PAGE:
A bond portfolio strategy whose goal is to eliminate the portfolio's risk against a
International Banking Facility (IBF)
international banking Facility. A branch that an American bank
A collective term that refers to global bonds, Eurobonds, and foreign bonds.
International Depository Receipt (IDR)
A receipt issued by a bank as evidence of ownership of one or more
The attempt to reduce risk by investing in the more than one nation. By
International finance subsidiary
A subsidiary incorporated in the U.S., usually in Delaware, whose sole
International Fisher effect
States that the interest rate differential between two countries should be an
A mutual fund that can invest only outside the United States.
Related: See external market.
International Monetary Fund
An organization founded in 1944 to oversee exchange arrangements of
International Monetary Market (IMM)
A division of the CME established in 1972 for trading financial
Financial intermediaries who perform a variety of services, including aiding in the sale of
A bond portfolio strategy in which the portfolio is constructed to have approximately equal
A legal proceeding for liquidating or reorganizing a business.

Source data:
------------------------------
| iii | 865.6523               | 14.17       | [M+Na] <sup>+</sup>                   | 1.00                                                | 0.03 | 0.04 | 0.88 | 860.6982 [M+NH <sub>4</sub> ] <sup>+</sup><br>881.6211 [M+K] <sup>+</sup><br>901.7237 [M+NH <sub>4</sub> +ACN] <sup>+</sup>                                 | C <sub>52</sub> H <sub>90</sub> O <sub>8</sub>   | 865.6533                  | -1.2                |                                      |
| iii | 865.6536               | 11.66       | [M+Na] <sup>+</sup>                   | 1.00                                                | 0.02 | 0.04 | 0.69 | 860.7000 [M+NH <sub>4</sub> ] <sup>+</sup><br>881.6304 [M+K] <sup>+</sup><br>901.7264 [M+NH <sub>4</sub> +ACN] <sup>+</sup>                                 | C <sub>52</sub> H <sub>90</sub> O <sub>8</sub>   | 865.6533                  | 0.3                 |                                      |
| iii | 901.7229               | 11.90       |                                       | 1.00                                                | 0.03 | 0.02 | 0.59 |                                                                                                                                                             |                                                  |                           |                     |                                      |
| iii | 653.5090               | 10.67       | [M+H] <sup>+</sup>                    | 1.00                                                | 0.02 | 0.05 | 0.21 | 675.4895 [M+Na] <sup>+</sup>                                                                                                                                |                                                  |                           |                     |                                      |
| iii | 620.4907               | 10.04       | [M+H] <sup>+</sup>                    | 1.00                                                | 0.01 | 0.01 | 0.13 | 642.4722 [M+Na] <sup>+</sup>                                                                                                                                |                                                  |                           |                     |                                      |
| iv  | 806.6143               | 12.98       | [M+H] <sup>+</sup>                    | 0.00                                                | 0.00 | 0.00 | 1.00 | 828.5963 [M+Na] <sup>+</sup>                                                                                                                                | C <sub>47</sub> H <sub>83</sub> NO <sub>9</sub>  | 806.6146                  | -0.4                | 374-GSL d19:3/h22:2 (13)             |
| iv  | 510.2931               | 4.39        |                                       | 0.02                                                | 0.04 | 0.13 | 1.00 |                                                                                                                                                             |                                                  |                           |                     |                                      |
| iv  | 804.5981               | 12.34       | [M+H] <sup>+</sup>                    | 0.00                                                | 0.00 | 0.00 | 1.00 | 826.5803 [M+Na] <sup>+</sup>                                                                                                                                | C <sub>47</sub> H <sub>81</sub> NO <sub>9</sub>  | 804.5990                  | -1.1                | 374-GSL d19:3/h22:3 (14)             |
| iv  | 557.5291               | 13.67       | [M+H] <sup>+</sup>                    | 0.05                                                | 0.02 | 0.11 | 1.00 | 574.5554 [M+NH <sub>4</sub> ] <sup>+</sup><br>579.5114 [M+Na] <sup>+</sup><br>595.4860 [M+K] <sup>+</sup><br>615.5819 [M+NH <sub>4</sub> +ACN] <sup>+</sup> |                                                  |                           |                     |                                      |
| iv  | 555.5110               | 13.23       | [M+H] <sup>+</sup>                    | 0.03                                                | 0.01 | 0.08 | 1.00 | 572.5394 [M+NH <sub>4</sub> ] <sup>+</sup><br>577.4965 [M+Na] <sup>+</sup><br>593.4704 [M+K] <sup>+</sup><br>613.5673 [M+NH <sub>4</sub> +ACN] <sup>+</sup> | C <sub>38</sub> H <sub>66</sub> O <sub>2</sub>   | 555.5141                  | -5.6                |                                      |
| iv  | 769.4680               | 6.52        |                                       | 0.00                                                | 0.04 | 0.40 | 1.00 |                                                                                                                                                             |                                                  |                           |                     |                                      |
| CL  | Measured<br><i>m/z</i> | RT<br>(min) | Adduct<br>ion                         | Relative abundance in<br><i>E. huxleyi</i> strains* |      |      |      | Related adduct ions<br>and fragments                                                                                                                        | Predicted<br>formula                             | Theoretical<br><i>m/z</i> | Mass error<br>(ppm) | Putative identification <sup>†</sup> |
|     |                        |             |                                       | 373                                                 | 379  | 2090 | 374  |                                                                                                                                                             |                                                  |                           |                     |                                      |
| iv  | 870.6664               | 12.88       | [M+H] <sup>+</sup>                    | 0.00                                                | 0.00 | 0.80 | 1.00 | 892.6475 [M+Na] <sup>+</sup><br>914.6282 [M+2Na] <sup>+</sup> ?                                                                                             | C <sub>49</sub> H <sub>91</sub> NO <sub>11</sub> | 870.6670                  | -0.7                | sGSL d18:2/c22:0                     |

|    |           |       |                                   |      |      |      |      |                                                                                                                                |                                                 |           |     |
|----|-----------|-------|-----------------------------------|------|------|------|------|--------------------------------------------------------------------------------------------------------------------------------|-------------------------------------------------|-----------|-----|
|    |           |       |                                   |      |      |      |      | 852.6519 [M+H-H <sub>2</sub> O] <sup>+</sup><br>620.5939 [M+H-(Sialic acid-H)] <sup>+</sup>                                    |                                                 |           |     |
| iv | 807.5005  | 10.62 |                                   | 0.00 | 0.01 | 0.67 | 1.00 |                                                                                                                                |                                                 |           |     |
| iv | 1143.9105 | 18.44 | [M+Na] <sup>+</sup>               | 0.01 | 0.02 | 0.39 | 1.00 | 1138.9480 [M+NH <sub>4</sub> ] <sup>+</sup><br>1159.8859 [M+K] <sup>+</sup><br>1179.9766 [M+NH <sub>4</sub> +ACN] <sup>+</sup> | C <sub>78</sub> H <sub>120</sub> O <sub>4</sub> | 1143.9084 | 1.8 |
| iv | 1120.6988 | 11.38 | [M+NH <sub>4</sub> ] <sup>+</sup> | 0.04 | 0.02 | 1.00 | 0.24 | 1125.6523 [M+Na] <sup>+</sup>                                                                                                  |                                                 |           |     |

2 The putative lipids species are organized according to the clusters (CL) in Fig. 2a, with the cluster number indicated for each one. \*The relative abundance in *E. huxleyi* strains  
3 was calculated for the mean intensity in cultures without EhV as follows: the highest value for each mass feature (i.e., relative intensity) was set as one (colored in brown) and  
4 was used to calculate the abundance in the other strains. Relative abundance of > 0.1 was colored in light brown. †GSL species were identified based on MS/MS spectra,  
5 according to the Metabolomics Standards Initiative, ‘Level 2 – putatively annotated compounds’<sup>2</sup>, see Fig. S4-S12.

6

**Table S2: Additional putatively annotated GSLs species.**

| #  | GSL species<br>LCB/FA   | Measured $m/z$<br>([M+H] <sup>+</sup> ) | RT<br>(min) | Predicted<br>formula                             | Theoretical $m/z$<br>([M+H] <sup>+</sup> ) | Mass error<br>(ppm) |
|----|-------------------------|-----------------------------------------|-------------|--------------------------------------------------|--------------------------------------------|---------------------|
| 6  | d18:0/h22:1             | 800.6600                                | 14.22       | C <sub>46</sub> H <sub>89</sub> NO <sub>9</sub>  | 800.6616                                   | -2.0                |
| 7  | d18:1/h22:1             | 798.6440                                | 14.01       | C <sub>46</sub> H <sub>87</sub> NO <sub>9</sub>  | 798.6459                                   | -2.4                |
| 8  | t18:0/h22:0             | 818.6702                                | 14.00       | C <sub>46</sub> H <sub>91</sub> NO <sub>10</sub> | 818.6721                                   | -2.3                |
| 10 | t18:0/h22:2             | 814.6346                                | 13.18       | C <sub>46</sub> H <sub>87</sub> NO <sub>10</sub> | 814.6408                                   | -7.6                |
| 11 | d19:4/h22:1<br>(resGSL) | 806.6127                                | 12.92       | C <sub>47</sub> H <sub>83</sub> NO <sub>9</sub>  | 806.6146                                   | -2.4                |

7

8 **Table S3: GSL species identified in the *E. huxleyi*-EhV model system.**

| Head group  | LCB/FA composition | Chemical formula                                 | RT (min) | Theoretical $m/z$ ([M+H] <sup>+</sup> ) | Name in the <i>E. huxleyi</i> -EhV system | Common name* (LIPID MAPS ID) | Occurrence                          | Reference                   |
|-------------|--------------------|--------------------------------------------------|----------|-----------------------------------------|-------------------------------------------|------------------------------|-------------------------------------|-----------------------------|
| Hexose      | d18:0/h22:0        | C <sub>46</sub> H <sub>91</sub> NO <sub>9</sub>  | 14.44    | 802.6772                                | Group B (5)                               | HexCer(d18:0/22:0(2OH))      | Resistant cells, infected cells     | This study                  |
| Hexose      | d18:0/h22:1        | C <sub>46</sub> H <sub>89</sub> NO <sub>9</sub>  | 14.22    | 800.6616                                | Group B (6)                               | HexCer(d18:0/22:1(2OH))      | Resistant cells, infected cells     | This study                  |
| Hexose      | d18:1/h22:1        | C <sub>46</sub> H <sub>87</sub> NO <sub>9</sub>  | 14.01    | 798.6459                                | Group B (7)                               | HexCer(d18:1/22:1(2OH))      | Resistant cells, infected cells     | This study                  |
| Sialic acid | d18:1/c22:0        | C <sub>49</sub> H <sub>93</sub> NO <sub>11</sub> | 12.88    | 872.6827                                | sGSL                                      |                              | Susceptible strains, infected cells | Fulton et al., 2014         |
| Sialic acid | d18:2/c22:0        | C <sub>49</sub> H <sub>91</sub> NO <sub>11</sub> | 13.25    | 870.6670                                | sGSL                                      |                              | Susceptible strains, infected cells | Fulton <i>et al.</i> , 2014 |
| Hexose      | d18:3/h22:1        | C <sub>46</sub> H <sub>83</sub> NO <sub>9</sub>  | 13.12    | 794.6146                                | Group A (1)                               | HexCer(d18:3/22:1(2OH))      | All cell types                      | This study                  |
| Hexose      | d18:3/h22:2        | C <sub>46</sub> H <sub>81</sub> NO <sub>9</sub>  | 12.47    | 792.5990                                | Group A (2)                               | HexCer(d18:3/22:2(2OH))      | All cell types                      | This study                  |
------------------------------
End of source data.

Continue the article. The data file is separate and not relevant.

London International Financial Futures Exchange (LIFFE)
A London exchange where Eurodollar futures
London International Financial Futures Exchange (LIFFE)
London exchange where Eurodollar futures as well as futures-style options are traded.
A British term for a bank that specializes not in lending out its own funds, but in providing
Money center banks
banks that raise most of their funds from the domestic and international money markets, relying less on depositors for funds.
A strategy of using futures for asset allocation by pension sponsors to avoid disrupting the
Passive portfolio strategy
A strategy that involves minimal expectational input, and instead relies on
Passive investment strategy
See: passive management.
PIBOR (Paris Interbank Offer Rate)
The deposit rate on interbank transactions in the Eurocurrency market
A bankruptcy in which a debtor and its creditors pre-negotiate a plan or
Protective put buying strategy
A strategy that involves buying a put option on the underlying security that is
A strategy of introducing into the decision-making process a random element that is
SIMEX (Singapore International Monetary Exchange)
A leading futures and options exchange in Singapore.
Society for Worldwide Interbank Financial Telecommunications (SWIFT)
A dedicated computer network to support funds transfer messages internationally between over 900 member banks worldwide.
A strategy that involves a position in one or more options so that the cost of buying an
Stock replacement strategy
A strategy for enhancing a portfolio's return, employed when the futures
Structured portfolio strategy
A strategy in which a portfolio is designed to achieve the performance of some
A swap in which a money manager exchanges one bond for another bond that is similar in
Wholesale mortgage banking
The purchasing of loans originated by others, with the servicing rights
A multilateral development finance agency created by the 1944 Bretton Woods, New
wealth The part of world wealth that is traded and is therefore accessible to investors.
Money in a bank cheque account, the difference between receipts and payments.